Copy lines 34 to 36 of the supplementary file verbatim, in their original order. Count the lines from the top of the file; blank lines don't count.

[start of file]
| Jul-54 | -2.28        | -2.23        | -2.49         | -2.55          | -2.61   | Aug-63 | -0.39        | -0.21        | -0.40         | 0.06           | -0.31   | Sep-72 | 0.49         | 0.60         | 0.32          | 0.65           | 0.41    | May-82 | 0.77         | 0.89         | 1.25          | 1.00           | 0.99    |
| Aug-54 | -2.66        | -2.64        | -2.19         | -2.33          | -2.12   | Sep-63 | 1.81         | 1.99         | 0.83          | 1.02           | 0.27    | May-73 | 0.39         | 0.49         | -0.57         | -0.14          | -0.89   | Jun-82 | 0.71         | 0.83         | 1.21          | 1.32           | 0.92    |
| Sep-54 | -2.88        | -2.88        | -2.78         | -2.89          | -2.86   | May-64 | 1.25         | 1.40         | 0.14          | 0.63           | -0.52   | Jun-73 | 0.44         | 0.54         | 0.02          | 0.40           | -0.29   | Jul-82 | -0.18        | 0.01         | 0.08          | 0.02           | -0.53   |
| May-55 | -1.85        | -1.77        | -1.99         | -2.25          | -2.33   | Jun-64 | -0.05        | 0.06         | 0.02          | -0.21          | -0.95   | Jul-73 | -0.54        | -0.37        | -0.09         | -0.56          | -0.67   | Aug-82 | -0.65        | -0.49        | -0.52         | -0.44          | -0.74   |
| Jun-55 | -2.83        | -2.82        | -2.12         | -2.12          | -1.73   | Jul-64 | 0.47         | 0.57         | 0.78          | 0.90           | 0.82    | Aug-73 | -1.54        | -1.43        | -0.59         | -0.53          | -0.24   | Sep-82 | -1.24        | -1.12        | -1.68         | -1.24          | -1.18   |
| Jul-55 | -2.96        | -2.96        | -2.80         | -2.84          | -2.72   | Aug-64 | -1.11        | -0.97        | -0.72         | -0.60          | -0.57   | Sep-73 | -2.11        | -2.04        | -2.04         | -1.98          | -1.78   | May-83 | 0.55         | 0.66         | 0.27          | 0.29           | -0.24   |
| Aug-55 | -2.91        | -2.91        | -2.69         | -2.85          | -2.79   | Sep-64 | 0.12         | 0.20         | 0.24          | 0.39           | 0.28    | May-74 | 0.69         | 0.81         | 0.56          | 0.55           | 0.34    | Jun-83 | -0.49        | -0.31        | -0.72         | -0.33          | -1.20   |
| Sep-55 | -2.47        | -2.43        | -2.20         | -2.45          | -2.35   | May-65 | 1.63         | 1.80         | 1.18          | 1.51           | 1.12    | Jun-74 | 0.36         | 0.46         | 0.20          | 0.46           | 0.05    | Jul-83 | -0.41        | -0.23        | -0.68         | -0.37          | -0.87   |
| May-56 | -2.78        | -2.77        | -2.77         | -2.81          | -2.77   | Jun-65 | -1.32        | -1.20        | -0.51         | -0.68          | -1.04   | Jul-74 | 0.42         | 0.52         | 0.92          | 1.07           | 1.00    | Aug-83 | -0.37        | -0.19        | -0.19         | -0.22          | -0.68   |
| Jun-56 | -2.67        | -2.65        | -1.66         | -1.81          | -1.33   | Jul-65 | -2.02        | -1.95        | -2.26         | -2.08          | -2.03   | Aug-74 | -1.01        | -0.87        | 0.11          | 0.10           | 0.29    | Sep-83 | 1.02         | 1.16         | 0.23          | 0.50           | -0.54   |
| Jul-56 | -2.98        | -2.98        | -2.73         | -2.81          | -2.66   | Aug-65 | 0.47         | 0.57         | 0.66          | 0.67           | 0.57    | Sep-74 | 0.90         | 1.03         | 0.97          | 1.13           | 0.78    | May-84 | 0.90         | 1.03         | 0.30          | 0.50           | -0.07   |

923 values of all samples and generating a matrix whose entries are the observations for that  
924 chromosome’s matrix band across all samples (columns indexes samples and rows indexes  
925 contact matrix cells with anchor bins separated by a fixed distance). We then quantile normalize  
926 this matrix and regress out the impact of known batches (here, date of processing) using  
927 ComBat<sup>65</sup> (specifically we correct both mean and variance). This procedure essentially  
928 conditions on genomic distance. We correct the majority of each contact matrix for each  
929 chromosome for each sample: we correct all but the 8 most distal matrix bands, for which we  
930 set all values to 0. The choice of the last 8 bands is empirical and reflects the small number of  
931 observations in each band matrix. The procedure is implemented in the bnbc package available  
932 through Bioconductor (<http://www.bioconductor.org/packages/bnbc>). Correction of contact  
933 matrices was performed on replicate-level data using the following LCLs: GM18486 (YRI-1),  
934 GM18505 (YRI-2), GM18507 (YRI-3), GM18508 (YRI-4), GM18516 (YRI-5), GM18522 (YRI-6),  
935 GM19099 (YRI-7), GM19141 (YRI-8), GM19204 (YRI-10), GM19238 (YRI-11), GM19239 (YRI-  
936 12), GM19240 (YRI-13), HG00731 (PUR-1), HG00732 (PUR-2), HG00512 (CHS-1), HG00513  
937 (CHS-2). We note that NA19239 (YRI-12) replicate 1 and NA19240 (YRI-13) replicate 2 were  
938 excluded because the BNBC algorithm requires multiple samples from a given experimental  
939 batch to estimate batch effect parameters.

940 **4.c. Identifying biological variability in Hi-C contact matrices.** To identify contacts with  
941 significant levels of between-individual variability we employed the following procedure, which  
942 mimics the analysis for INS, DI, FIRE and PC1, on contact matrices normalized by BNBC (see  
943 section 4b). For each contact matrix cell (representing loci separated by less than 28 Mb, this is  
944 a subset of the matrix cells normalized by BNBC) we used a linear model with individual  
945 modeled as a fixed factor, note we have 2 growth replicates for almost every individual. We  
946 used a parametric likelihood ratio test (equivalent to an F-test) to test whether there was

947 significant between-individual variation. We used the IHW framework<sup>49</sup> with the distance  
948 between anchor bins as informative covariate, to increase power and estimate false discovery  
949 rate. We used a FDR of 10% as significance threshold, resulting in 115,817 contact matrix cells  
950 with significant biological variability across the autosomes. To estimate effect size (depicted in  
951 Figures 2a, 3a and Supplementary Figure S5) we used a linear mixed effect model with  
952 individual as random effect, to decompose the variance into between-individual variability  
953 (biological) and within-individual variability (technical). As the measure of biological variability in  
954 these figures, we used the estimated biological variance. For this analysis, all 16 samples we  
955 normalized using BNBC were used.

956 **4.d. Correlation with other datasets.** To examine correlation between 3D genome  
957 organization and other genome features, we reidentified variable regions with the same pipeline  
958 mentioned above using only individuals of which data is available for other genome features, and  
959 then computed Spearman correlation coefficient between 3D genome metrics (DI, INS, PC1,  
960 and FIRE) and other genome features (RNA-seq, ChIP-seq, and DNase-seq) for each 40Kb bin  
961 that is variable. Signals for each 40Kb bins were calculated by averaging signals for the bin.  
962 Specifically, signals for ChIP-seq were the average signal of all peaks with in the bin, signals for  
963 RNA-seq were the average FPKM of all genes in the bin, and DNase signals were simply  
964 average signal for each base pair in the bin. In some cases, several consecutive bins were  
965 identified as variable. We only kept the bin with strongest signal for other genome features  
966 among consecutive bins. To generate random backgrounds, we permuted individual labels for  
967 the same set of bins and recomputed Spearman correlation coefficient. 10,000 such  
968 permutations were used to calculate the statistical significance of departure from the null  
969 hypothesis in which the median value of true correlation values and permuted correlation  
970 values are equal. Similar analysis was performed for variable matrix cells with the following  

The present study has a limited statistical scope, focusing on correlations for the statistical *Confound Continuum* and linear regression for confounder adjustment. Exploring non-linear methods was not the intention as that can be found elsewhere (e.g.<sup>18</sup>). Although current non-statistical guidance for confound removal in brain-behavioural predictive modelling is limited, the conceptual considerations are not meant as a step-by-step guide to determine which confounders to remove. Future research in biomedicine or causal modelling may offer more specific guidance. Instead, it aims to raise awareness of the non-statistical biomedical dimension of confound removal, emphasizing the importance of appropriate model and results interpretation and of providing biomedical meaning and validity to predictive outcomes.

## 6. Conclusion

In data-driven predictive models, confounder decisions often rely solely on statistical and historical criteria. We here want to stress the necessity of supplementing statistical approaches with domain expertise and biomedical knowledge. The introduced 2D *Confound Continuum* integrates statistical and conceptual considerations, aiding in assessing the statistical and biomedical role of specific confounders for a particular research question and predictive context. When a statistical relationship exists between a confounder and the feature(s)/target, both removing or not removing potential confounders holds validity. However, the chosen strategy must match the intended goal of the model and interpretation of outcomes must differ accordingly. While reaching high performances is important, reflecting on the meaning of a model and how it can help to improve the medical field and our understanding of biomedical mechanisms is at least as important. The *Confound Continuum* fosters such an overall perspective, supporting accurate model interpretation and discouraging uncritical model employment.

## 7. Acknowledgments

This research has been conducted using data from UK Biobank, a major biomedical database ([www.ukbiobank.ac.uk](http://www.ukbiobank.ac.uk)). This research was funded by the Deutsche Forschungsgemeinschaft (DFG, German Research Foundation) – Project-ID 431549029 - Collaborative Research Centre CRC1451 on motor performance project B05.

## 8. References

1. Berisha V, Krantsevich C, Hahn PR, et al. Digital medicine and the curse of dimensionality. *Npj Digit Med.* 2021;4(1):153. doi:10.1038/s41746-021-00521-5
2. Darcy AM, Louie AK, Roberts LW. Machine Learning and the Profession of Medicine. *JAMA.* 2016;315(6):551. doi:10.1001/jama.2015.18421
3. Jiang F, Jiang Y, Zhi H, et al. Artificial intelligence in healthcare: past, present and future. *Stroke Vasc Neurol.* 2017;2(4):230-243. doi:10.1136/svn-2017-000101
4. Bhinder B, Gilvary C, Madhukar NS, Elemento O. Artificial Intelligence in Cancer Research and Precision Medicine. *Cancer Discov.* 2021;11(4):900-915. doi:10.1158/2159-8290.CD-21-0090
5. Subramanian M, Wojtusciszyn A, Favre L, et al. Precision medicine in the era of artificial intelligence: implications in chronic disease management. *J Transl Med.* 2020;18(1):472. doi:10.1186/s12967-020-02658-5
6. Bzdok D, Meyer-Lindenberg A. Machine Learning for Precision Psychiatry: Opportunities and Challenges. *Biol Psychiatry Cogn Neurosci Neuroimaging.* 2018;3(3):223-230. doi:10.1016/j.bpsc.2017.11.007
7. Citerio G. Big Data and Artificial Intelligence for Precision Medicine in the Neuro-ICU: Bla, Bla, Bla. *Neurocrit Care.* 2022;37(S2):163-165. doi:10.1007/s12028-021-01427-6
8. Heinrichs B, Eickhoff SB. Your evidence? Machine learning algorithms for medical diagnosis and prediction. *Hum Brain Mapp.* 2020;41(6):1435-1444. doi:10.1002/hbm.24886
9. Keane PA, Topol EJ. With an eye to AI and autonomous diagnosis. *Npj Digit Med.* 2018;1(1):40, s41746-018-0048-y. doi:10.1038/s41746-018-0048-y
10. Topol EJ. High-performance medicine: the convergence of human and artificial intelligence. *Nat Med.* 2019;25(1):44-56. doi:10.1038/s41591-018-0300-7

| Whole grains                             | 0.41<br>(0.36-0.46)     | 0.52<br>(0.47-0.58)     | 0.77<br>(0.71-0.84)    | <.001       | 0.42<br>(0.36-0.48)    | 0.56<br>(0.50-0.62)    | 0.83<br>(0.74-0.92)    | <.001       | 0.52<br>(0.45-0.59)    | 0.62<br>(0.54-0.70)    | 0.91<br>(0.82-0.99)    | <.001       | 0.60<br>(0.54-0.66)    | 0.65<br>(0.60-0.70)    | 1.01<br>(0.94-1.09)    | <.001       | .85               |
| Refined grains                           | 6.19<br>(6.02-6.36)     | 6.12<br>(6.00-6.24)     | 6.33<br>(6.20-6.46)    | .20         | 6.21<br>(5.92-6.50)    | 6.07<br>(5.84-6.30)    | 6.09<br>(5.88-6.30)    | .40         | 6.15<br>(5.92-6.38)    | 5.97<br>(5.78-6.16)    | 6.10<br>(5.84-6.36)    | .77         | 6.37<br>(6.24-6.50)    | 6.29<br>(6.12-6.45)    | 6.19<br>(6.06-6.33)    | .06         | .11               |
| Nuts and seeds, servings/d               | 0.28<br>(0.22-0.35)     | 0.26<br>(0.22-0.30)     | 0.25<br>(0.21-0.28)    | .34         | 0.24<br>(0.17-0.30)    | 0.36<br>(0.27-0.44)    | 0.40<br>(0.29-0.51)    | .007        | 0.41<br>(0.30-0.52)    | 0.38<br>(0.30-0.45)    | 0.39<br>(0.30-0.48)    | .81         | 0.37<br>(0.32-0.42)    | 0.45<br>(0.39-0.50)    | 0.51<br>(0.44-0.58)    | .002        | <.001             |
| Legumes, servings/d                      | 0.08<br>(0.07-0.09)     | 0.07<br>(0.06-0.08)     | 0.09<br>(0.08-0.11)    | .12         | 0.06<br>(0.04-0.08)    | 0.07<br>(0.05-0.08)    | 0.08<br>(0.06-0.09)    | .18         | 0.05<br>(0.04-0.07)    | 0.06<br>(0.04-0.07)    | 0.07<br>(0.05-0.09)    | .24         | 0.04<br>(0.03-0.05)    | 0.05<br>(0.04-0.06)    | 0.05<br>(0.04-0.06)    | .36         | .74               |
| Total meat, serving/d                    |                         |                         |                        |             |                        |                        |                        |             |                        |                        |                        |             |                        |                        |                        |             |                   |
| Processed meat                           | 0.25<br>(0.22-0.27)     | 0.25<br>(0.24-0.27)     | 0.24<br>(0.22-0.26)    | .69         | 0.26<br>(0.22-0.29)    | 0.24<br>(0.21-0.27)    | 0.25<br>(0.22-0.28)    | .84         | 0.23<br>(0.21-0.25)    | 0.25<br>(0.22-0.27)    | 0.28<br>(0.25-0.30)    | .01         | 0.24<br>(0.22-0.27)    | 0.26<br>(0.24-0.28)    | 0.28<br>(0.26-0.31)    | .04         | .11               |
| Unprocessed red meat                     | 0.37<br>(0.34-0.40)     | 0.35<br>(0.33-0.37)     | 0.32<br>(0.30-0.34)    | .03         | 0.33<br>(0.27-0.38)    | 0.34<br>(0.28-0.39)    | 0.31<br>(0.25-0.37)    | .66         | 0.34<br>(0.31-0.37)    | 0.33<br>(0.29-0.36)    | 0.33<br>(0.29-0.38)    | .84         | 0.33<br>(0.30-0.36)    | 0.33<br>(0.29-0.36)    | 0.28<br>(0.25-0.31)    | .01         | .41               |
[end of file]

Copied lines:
945 modeled as a fixed factor, note we have 2 growth replicates for almost every individual. We  
946 used a parametric likelihood ratio test (equivalent to an F-test) to test whether there was

947 significant between-individual variation. We used the IHW framework<sup>49</sup> with the distance  